Most Recent from YES! Magazine
Seattle Council to Governor: Protect this City (And the Climate) from Oil Trains
by Molly Ruskposted Mar 11, 2014
- Beyond the dangers of derailment and explosions, Seattleites are worried about oil-by-rail shipping's effect on the climate. Here's what they did about it.
A Happy Life or a Meaningful One—Do We Really Need to Choose?
by Jill Suttie, Jason Marshposted Mar 11, 2014
- Researchers continue to debate whether people face a genuine trade-off between seeking a happy life and a meaningful one.
John Lewis’ Moving Graphic Novel Brings the Civil Rights Struggle to a New Generation
by Valerie Schloredtposted Mar 06, 2014
- In the tradition of “Maus” and “Persepolis,” “March” tells the story of young African Americans who, like its author, rose up from the Jim Crow South to assert their human rights.
Jon Stewart on the "Insanity" of Buying Seafood with Food Stamps
posted Mar 06, 2014
- What do right-wing TV anchors think low-income people should eat? Not salmon, apparently.
This Is What Happened When Scholastic Tried to Bring Pro-Coal Propaganda to School
by Bill Bigelowposted Mar 06, 2014
- “The United States of Energy” was a colorful series of lessons on the advantages of coal, aimed at 4th-graders—and sponsored by Big Coal. Here’s how educators and activists worked together to get it out of classrooms.
Teenage Defender of First Nations Rights Becomes Literal Superhero
by Christopher Zumski Finkeposted Mar 05, 2014
- Shannen Koostachin, a teenage activist who died before ever seeing the results of her work, has inspired a new hero in the DC Universe.
Meet the Ambassadors from Canada's Indigenous Fossil Fuel Resistance
by Kristin Moeposted Mar 05, 2014
- In 1885, a revolutionary leader wrote, "My people will sleep for one hundred years" and then wake up. In the "genocidal" wilderness of Canada's tar sands, that renaissance has begun.
Infographic: The Math Error Behind 30 Years of Education Policy
by Doug Pibelposted Mar 05, 2014
- An influential study's failure to consider factors like poverty, race, and immigration concealed the fact that scores were improving.
The Radical Homemaker Turns 40
by Shannon Hayesposted Mar 04, 2014
- I've learned to embrace the dreams I most deeply desire, but also the burdens that so often work against them.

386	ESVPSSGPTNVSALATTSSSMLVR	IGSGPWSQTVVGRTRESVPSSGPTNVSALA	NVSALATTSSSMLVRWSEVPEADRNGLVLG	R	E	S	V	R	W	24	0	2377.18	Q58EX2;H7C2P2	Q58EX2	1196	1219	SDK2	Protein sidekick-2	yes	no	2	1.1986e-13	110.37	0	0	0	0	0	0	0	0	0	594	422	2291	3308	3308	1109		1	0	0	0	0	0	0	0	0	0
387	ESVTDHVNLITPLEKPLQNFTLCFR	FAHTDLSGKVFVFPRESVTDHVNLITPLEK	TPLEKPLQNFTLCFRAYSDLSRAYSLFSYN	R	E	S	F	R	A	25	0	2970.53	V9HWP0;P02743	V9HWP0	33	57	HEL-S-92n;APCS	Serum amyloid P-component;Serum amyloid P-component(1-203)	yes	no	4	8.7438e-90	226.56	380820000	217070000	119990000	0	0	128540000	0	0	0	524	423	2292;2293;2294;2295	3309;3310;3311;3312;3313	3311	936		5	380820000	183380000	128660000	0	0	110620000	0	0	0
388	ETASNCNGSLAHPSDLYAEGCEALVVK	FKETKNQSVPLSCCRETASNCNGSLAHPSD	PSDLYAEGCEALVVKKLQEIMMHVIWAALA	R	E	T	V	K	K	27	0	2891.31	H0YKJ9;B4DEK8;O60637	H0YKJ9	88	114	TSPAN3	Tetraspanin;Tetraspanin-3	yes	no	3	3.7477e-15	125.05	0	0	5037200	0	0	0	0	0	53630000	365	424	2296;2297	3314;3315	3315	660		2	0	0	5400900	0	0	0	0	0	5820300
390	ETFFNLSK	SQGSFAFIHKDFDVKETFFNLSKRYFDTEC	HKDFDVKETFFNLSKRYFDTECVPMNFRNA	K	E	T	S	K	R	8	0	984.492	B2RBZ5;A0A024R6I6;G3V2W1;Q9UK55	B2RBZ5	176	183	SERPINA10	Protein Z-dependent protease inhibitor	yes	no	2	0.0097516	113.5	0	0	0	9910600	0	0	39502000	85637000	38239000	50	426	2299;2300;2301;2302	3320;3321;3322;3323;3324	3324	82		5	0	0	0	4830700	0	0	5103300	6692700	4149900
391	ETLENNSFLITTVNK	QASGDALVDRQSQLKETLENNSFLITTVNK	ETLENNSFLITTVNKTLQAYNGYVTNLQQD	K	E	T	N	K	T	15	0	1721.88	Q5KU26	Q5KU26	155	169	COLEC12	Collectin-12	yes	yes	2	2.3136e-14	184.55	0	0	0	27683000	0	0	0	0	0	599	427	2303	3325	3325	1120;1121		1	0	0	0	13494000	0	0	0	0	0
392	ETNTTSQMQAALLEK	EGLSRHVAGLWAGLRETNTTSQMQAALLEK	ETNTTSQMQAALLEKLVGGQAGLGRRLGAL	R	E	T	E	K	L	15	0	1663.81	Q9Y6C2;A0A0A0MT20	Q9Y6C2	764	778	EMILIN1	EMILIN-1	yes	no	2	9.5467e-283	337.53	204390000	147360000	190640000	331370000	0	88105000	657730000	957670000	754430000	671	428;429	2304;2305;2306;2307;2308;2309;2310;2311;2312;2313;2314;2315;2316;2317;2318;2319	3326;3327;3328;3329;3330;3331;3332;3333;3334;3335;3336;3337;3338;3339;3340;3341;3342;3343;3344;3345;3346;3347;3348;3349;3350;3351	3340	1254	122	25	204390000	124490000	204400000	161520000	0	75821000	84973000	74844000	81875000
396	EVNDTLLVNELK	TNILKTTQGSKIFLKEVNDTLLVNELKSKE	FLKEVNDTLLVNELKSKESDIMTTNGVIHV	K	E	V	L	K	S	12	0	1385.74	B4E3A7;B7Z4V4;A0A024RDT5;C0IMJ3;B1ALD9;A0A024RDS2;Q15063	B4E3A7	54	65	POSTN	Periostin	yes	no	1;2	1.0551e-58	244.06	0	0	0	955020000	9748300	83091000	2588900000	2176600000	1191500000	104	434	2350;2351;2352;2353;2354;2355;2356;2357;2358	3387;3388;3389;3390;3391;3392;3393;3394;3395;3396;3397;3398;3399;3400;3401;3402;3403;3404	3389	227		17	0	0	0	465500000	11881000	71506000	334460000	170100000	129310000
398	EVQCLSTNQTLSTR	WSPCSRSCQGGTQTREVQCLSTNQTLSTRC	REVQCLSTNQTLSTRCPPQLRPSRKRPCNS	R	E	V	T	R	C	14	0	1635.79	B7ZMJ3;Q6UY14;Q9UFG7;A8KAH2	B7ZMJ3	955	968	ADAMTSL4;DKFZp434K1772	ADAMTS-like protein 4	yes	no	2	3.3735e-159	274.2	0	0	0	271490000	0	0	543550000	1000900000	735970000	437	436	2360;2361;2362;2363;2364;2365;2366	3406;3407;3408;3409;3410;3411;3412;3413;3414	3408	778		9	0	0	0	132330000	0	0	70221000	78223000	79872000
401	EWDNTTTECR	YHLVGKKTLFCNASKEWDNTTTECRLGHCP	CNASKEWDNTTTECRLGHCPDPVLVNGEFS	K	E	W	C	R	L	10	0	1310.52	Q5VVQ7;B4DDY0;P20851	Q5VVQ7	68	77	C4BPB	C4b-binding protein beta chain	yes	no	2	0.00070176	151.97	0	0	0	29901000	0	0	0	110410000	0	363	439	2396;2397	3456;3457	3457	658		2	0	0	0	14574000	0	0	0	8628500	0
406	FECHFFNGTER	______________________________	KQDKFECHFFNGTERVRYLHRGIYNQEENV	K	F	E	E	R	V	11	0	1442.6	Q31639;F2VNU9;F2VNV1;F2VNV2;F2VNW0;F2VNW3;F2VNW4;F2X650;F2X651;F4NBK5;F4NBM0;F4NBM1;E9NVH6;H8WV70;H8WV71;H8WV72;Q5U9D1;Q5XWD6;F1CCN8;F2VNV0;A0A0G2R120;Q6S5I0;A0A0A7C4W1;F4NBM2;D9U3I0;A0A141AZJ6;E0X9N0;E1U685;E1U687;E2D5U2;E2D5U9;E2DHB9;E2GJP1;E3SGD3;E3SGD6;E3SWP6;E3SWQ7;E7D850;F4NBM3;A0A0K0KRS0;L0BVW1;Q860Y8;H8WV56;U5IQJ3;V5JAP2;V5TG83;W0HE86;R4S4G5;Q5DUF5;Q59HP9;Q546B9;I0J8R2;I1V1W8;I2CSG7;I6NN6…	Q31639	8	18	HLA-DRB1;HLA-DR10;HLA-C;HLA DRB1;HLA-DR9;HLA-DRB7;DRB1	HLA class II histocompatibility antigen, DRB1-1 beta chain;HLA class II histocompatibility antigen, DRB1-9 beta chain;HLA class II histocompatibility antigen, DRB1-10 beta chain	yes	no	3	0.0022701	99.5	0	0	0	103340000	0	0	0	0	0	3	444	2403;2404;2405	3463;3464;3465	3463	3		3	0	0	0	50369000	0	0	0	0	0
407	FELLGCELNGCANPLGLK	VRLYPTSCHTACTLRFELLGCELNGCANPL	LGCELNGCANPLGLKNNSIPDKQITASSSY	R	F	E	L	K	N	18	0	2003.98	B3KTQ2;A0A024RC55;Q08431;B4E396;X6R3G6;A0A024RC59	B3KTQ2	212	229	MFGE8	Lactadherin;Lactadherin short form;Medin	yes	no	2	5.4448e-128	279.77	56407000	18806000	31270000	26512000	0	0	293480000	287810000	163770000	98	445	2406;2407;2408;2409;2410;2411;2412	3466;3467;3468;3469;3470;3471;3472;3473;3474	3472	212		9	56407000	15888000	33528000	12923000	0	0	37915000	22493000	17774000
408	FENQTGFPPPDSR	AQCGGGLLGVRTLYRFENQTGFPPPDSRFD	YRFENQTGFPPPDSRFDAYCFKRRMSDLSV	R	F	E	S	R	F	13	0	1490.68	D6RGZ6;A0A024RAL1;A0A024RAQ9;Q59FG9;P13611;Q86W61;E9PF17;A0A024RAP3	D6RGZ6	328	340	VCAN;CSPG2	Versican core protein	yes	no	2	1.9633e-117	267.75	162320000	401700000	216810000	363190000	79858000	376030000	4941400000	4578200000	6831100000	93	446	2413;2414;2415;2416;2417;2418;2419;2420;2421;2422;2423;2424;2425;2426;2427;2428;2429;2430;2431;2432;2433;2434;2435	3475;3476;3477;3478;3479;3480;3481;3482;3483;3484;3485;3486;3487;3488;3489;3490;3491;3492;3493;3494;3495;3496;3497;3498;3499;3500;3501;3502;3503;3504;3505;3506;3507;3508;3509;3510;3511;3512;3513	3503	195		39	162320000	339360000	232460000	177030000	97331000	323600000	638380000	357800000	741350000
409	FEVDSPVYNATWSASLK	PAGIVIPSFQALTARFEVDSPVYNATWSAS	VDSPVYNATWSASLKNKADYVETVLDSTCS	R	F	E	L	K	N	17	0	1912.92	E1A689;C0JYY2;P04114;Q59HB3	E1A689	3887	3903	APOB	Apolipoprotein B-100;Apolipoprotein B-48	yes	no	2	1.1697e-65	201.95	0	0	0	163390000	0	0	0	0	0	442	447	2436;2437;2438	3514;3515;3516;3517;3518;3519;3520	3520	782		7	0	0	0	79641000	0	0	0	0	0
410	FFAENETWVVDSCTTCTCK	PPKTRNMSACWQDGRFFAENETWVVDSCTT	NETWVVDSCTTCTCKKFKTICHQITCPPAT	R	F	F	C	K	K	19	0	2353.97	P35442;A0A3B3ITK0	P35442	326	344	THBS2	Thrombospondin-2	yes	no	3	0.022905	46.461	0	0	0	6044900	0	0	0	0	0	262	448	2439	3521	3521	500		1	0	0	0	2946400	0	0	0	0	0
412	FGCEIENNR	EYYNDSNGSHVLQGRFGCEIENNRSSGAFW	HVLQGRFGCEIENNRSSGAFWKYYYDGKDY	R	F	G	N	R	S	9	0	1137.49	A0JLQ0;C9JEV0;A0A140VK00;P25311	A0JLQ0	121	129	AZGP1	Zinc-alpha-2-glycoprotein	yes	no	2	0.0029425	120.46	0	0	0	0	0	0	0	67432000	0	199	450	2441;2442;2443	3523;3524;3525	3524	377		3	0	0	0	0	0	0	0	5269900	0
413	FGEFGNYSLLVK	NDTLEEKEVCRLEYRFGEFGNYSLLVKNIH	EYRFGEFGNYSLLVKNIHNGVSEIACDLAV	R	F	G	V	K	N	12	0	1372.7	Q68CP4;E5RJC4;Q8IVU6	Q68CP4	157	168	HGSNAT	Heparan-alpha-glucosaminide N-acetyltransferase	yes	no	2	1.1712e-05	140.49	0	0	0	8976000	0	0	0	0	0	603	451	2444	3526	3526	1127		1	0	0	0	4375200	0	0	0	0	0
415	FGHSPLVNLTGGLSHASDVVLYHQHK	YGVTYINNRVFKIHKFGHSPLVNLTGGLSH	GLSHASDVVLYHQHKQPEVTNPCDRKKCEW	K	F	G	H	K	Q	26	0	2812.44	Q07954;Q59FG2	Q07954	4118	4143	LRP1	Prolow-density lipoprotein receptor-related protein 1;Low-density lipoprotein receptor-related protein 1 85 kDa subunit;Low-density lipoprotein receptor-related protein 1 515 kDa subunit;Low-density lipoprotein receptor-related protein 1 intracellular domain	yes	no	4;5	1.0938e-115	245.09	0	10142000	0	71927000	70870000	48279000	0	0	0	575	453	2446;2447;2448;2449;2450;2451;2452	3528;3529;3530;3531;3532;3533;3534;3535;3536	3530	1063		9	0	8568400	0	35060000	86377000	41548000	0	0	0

Infographic: A Guided Tour of the New Economy
posted Mar 03, 2014
- What will the transition to a "new economy" really look like? To find out, explore this interactive infographic from the group New England New Economy Transition.
A Parliament of Mayors: Can We End Inequality By Giving Cities More Power?
by Laura Flandersposted Feb 28, 2014
- In our increasingly interdependent world, mayors may be more motivated to collaborate and possibly more capable than our national governments of effectively working across borders.
Hundreds Plan to Risk Arrest in Keystone Pipeline Action
by Jamie Hennposted Feb 28, 2014
- This weekend could turn out to be the largest act of civil disobedience at the White House in a generation.
Remember When We Toppled SOPA/PIPA in Just 24 Hours? How the People Can Still Win on Net Neutrality
by Josh Levy and Hannah Sassamanposted Feb 28, 2014
- When it comes to limiting digital rights, big companies are in cahoots with governments like never before. But the belief that everyone deserves safe, affordable, and private access to the Internet is taking off.
A Social Justice Tour of Oscar Winners Through the Decades
by Christopher Zumski Finkeposted Feb 28, 2014
- The upcoming Academy Awards will recognize some of 2013’s best social justice-themed films. Here are some of our favorite past winners.
Remembering Chokwe Lumumba
by Laura Flandersposted Feb 26, 2014
- Can you be a revolutionary and a mayor? Chokwe Lumumba—who spent eight months as mayor of Jackson, Mississippi, before he died—did his best to be both.